In the past several years I have adopted open-source terminal-based applications for most of the work I do on a computer. This post gathers up some of the great free software I use every day.
Vim is the application I use for writing and for any task that involves creating and editing text. It is where I spend most of my time. Markdown supplies the grammar. The Voom plugin provides an outline view of complex document structures and makes it easy to reorder an argument. Vim’s digraphs put many non-English and non-modern characters within easy reach.
git provides incremental persistent file history, useful in late stages of editing and for reacquainting myself with any document that hasn’t continuously been at the center of my attention.
Zotero is the bibliographic software I have used since 2007. Recently I have made my personal bibliography public. Better BibTeX writes the ligatures between Zotero’s bibliographic records and the documents I write, enabling citation.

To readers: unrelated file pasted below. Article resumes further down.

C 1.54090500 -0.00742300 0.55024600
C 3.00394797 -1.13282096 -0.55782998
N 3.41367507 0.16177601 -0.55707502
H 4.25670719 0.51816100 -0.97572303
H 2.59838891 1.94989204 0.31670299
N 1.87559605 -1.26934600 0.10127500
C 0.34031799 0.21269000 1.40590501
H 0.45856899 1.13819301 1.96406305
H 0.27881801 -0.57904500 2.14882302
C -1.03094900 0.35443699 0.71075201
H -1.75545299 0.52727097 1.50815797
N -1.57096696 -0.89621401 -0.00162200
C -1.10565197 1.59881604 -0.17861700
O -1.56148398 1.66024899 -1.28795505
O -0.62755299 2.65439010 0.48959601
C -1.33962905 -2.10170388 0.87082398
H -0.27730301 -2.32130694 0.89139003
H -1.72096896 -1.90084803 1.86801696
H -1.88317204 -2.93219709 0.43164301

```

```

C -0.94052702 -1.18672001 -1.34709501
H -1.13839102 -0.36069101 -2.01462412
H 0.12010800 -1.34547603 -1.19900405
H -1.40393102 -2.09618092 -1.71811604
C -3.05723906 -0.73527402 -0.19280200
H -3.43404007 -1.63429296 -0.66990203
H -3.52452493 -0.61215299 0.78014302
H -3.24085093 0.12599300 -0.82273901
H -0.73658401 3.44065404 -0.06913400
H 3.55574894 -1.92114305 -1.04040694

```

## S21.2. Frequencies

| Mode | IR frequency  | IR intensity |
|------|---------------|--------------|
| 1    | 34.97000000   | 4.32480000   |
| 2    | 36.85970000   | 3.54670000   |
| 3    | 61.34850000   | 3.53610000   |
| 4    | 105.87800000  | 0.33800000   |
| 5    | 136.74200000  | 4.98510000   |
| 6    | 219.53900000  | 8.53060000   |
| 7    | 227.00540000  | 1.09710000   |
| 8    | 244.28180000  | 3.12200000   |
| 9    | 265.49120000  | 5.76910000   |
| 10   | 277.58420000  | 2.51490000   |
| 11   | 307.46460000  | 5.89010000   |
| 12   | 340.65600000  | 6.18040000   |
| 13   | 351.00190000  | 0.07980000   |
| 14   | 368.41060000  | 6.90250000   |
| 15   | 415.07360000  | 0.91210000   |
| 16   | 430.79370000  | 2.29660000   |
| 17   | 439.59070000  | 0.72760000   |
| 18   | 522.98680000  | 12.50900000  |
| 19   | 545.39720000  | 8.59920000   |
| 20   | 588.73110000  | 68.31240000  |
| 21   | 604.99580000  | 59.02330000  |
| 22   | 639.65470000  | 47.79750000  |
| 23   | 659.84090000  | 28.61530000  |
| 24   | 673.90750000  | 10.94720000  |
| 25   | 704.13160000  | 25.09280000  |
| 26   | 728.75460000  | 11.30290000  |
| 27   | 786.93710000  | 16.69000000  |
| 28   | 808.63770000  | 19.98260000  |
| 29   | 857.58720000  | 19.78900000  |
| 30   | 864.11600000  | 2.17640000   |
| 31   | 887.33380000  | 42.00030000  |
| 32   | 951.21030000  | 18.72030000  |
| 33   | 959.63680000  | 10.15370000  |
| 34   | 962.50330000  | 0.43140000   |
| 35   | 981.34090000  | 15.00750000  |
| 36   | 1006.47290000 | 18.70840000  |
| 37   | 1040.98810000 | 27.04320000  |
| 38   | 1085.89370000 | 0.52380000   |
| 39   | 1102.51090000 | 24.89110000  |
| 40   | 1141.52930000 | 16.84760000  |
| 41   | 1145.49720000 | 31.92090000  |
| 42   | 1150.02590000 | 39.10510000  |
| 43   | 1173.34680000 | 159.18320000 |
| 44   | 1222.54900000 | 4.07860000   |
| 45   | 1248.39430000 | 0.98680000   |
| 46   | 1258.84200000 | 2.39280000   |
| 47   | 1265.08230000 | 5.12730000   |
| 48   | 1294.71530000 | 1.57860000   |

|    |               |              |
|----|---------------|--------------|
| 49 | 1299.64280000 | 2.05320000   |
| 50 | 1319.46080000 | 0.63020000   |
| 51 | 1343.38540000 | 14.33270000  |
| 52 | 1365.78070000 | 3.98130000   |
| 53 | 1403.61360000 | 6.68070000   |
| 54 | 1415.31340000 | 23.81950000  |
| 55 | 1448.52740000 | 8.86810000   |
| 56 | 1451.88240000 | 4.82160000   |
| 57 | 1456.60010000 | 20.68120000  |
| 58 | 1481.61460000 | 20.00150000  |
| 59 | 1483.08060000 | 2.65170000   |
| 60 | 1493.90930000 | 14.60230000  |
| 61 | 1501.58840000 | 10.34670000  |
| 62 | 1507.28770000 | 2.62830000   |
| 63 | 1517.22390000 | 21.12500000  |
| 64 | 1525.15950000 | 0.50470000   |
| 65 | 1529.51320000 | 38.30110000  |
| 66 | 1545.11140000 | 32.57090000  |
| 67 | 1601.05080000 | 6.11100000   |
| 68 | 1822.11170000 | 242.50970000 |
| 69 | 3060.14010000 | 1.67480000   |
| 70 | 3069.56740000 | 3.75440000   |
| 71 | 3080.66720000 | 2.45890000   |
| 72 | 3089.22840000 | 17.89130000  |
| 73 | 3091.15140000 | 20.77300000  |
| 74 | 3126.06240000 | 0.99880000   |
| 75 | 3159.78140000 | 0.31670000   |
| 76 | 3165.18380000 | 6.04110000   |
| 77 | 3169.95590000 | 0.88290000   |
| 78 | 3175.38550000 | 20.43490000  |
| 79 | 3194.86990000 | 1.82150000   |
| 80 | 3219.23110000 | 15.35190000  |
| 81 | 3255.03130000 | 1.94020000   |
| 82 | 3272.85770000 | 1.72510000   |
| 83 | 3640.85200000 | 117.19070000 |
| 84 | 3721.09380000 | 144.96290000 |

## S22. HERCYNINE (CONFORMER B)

Pandoc, with an assist from LaTeX, Citeproc, and Citation Style Language, turns markdown-formatted text into elegant pdfs. Pandoc also writes the Microsoft Word
docx files that most publishers in the humanities still expect.
That’s the general writing stack, but the writing would be harder without organized accessible research notes. Enter ZettelGeist, a brilliant program written by my friend George K. Thiruvathukal, to whom I owe much of the above.